I spent last Friday afternoon at the first in a long line of Christmas lunches, which I spent (enjoyably) arguing about feminism with the PR guy beside me. People like to argue about feminism with me quite a lot, since we started doing The F Word on RTE Today every Tuesday.
Because it happens so often, I am always ready for a good debate on what women want. The glass of wine I’d just had didn’t hurt either. Off I went, citing statistics, worldwide studies and, of course, Twitter.
One of his questions, ‘Can we not just stop pretending men and women are the same?’, did strike a chord. Of course men and women are not the same, I said. Nobody ever said they were. This is a common misapprehension people have with feminism – it’s not that women want to be the same as men – we just want to be valued equally. Slight difference.
And lo and behold, on Monday, the University of Pennsylvania released the results of a new study which proves that men and women’s brains are wired differently. Shocker!
They examined the brain scans of 1,000 men and women aged between 19 and 22 to see how activity was mapped, and how the different functions interact with one another.
One of the researchers, Ragini Verma, told the Guardian that it was “surprising” how much the findings backed up old stereotypes. Now, I’m no scientist . But I’m not the least bit surprised. (That’d be the women’s intuition).
All these stereotypes, you see, haven’t appeared out of nowhere.
According to the study, “Males have better motor and spatial abilities, whereas females have superior memory and social cognition skills.”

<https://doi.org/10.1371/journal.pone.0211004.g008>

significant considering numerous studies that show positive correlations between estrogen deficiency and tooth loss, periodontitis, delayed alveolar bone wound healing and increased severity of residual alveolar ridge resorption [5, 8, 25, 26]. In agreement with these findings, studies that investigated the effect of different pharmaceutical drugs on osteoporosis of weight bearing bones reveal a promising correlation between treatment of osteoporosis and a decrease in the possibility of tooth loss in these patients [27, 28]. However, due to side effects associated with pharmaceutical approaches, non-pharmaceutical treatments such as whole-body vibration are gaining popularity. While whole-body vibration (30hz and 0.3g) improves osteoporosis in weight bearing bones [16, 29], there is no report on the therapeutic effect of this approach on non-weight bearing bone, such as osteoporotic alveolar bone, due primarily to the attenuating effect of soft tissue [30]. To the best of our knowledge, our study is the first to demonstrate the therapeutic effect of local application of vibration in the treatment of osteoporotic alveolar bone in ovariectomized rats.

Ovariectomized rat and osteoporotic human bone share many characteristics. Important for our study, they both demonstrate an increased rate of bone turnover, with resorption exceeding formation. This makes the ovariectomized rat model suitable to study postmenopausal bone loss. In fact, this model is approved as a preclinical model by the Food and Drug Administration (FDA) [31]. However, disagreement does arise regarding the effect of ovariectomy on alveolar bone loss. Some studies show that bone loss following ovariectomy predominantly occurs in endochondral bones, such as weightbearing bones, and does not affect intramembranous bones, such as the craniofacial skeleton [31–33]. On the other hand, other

So that whole thing about women drivers… unfortunately, there may be something to it. Motor activities doesn’t necessarily mean driving, of course, but spatial awareness is certainly important for road positioning and parking.
Likewise, there could be a grain of truth to the old trope of men not being able to multitask. They can multitask, but not across the cerebellum.
So they are not as good at activities that involve both logic and intuition, for example knowing that the socks are kept in the hot press (logic), and guessing that they may have been moved to accommodate the Christmas tablecloth that will just have been taken out of the attic and washed ahead of the festivities (intuition).
The reason for this is that women have more of an ability to connect functions of the right and left hemispheres of the brain. So logic and intuition – opposite sides – can interact. That’s fairly useful, you’d think, for most jobs, particularly people-orientated ones.
But it happens less for men, who are better able to link functions that happen within the same hemisphere – for example spatial awareness and motor skills. Also fairly useful – especially if you’re a pilot, a hairdresser or, in fact, a brain surgeon.
Because I’m not a brain surgeon, I don’t know if there are changes to how the brain operates as we age. Or if the type of toys we give small kids can help them learn to overcome biological differences – by giving Meccano to girls, for example, and toy irons to little boys.
I don’t know if you can teach the brain to have better spatial awareness.
What I do know is that my parking has improved with practice, and my dad’s ability to search the hot press has improved dramatically since my mother had surgery that temporarily stopped her going upstairs.
Surely, in an age of cosmetic surgery, gender reassignment, laser eye surgery and other medical miracles, this, too, we shall overcome?
From The Herald, 5 December 2013.
NB: This piece was written for the Herald in the immediate aftermath of the study being released. I had read about it on the original website where it was published, as well as on The Guardian, The Independent, etc. Since then, I have seen this blogpost on ‘neurosexism’ (h/t @faduda). I had never come across this concept before but it has been written about rather a lot by Cordelia Fine at the University of Melbourne, and the post more or less confirms my hopes, expressed at the end of the piece, that we can overcome this alleged ‘hardwiring’ through socialisation, or ‘nurture’. Phew.